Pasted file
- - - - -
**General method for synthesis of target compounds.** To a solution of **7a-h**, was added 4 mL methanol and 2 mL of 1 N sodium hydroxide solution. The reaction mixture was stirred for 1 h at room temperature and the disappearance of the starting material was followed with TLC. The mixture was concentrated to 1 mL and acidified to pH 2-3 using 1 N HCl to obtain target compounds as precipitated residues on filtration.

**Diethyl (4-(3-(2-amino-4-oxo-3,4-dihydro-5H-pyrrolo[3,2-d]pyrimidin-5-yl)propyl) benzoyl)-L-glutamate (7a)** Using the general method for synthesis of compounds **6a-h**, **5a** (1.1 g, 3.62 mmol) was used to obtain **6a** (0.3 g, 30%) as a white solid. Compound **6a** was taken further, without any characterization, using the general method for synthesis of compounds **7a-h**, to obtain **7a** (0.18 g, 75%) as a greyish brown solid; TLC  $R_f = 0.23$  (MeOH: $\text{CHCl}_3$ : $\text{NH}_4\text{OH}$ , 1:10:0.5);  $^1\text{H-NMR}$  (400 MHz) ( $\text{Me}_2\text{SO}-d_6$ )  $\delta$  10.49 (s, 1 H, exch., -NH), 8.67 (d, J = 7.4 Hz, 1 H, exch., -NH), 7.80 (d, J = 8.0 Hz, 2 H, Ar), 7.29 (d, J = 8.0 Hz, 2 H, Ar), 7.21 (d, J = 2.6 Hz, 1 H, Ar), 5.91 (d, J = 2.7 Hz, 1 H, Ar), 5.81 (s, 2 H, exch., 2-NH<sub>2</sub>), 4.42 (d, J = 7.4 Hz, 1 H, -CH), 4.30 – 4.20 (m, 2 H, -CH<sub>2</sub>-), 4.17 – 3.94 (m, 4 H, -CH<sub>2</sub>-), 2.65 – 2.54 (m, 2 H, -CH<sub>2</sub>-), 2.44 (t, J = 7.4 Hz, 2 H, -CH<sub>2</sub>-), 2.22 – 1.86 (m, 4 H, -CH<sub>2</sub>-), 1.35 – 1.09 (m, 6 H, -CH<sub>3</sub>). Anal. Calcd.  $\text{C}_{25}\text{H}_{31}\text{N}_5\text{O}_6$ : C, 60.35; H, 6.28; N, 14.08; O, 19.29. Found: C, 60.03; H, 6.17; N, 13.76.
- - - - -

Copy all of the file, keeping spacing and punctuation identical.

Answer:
**General method for synthesis of target compounds.** To a solution of **7a-h**, was added 4 mL methanol and 2 mL of 1 N sodium hydroxide solution. The reaction mixture was stirred for 1 h at room temperature and the disappearance of the starting material was followed with TLC. The mixture was concentrated to 1 mL and acidified to pH 2-3 using 1 N HCl to obtain target compounds as precipitated residues on filtration.

**Diethyl (4-(3-(2-amino-4-oxo-3,4-dihydro-5H-pyrrolo[3,2-d]pyrimidin-5-yl)propyl) benzoyl)-L-glutamate (7a)** Using the general method for synthesis of compounds **6a-h**, **5a** (1.1 g, 3.62 mmol) was used to obtain **6a** (0.3 g, 30%) as a white solid. Compound **6a** was taken further, without any characterization, using the general method for synthesis of compounds **7a-h**, to obtain **7a** (0.18 g, 75%) as a greyish brown solid; TLC  $R_f = 0.23$  (MeOH: $\text{CHCl}_3$ : $\text{NH}_4\text{OH}$ , 1:10:0.5);  $^1\text{H-NMR}$  (400 MHz) ( $\text{Me}_2\text{SO}-d_6$ )  $\delta$  10.49 (s, 1 H, exch., -NH), 8.67 (d, J = 7.4 Hz, 1 H, exch., -NH), 7.80 (d, J = 8.0 Hz, 2 H, Ar), 7.29 (d, J = 8.0 Hz, 2 H, Ar), 7.21 (d, J = 2.6 Hz, 1 H, Ar), 5.91 (d, J = 2.7 Hz, 1 H, Ar), 5.81 (s, 2 H, exch., 2-NH<sub>2</sub>), 4.42 (d, J = 7.4 Hz, 1 H, -CH), 4.30 – 4.20 (m, 2 H, -CH<sub>2</sub>-), 4.17 – 3.94 (m, 4 H, -CH<sub>2</sub>-), 2.65 – 2.54 (m, 2 H, -CH<sub>2</sub>-), 2.44 (t, J = 7.4 Hz, 2 H, -CH<sub>2</sub>-), 2.22 – 1.86 (m, 4 H, -CH<sub>2</sub>-), 1.35 – 1.09 (m, 6 H, -CH<sub>3</sub>). Anal. Calcd.  $\text{C}_{25}\text{H}_{31}\text{N}_5\text{O}_6$ : C, 60.35; H, 6.28; N, 14.08; O, 19.29. Found: C, 60.03; H, 6.17; N, 13.76.